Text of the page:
temple rules (not really)

Having recently disaffiliated from a number of mainstream Soto organizations, in protest of what I guess might be considered political corruption (or at least a mass failure of vision), I find myself wanting to make sure that I am functioning along relatively impeccable personal guidelines as the practical facilitator of the Valley Dragon experiment. I am consciously looking to my fellow travelers in the group to arrive at the expression of shared motivations and guidelines, when, where, and if needed.

I practiced for many years in the Kwan Um School of Zen, which derives from Korean Buddhist traditions. Without getting into a narrative about why I changed to the Japanese Soto school, let’s just say I wanted more just sitting, less distracting psycho-cultural theatrics. There turned out to be plenty of that too in Soto (another topic), but still, my interest in just sitting endures. It’s the explicit purpose and mission of Valley Dragon, so I keep spelling this out and emphasizing it, at the risk of flogging a dead horse. There are many things from both the Korean and Japanese traditions that I continue to appreciate and practice. One thing I used to think was interesting was how at the start of every Korean-style retreat, a standardized set of ‘temple rules’ used throughout their centers were read aloud by the participants. Aren’t twelve-step meetings always started by reading some rules and guidelines, and resetting a direction?

Father Thomas Keating just died. I did not know him, though I feel like I’ve been aware of him for the 30-ish years of my adult life. I learned in an obituary that one of his associates started a center here in Albuquerque fostering “contemplative prayer” — Keating’s and others’ Catholic response to the desire by mainly young Boomers for contemplative practice, i.e. meditation. Their “8 Core Principles” inspired me to tweak and reframe them with what it is we do in mind. I am not actually proposing the adoption of these as fixed principles; something in me recoils at the risk of too much structure. However, I think they do indicate a general direction, and reflect my own core principles about what it is that might best be emphasized. I like that the language feels fresh and real, rather than recycled Buddhist phrases that in many cases seem to have been lately coopted and diminished in service to certain ideological agendas. Maybe these ‘precepts’ can serve as topics for further discussion and, well, contemplation.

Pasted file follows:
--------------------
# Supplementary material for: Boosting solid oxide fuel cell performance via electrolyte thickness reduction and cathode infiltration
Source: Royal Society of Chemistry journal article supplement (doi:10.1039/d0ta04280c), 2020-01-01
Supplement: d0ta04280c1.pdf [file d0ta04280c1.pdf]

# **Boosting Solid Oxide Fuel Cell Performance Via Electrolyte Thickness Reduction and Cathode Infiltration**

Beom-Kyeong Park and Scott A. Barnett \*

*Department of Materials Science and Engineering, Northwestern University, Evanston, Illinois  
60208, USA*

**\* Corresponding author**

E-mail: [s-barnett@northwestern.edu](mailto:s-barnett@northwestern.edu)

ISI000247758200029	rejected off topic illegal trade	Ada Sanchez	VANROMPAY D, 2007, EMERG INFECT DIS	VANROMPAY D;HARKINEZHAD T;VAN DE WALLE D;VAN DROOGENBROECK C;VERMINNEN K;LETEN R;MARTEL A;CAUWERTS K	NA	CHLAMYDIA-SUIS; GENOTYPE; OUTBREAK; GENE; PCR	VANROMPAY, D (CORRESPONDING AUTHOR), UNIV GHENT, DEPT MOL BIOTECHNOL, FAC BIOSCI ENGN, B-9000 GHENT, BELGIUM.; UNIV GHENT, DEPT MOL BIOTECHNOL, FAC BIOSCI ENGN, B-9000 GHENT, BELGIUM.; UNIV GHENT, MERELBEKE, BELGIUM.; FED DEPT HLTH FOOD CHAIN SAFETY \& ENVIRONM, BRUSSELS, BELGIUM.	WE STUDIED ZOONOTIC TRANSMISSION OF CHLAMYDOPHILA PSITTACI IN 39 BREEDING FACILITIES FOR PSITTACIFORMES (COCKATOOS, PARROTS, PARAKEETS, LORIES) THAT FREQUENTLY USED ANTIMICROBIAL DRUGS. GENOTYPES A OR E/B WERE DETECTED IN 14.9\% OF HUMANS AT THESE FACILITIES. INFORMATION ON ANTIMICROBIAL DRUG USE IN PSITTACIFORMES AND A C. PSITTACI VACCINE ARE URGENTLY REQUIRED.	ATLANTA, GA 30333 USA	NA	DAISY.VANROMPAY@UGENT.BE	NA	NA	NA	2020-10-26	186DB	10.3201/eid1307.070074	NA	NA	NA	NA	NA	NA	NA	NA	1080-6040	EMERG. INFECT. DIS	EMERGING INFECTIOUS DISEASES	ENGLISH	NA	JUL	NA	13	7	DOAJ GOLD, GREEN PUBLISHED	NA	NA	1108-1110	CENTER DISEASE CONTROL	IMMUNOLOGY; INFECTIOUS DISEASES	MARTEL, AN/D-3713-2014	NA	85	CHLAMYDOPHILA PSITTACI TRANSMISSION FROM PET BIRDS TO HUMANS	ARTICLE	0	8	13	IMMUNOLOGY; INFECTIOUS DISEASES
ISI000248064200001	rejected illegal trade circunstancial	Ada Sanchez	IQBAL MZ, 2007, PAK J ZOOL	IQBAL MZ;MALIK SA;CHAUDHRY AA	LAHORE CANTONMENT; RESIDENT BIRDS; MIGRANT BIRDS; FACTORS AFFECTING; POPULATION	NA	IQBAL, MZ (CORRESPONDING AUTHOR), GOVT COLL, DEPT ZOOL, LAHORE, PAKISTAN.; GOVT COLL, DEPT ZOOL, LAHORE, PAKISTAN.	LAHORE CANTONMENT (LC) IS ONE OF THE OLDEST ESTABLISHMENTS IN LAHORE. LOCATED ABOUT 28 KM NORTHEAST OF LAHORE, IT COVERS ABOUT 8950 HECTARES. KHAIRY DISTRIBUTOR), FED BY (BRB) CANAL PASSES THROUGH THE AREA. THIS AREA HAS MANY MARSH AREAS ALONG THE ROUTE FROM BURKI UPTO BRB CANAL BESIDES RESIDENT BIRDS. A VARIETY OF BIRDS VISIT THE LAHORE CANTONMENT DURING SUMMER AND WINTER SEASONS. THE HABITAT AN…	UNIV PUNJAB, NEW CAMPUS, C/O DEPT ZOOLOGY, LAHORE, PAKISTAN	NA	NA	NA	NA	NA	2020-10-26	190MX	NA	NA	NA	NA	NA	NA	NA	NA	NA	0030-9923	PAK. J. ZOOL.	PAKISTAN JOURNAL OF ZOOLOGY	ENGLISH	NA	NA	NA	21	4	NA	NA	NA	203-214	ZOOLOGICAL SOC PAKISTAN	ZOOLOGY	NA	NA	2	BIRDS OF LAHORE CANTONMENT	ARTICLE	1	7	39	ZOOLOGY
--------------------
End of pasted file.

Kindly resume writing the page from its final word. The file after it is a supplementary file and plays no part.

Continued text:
10 Core Principles for Places of Just Sitting

  1. Zazen (silent contemplation) is our central reference point.
  2. We see that a contemplative attitude and practice helps us to live more fully and well.
  3. The best criticism of the bad is the practice of the better. Fixed opposition tends to foster needless conflict and stagnation.
  4. We recognize that creative solutions are often found at the bottom and the edges, rather than at the top or center of groups and institutions; and that responsible hierarchies, enduring ancestral wisdom, and legal custom must be kindly and accountably respected.
  5. Free congress and open dialogue are understood to be the mechanisms of personal and social sanity.
  6. We support true author-ity, recognizing every human’s intrinsic ability and driving need to author their own life, regardless of perceived or self-identified group affiliation, capacity, or will.
  7. Life is more a process of developing better questions, rather than adhering to fixed answers.
  8. Authentic spirituality leads to our embodying our truest selves, as false selves fall away.
  9. We see that anger and resentment are destructive diseases (born from trauma) to be healed from, not flames to be fanned.
  10. We do not just think or feel ourselves into a new mode of living, but faithfully live ourselves into new ways of being.
Frederick Hammersley, Covenant, 1963, screenprint on paper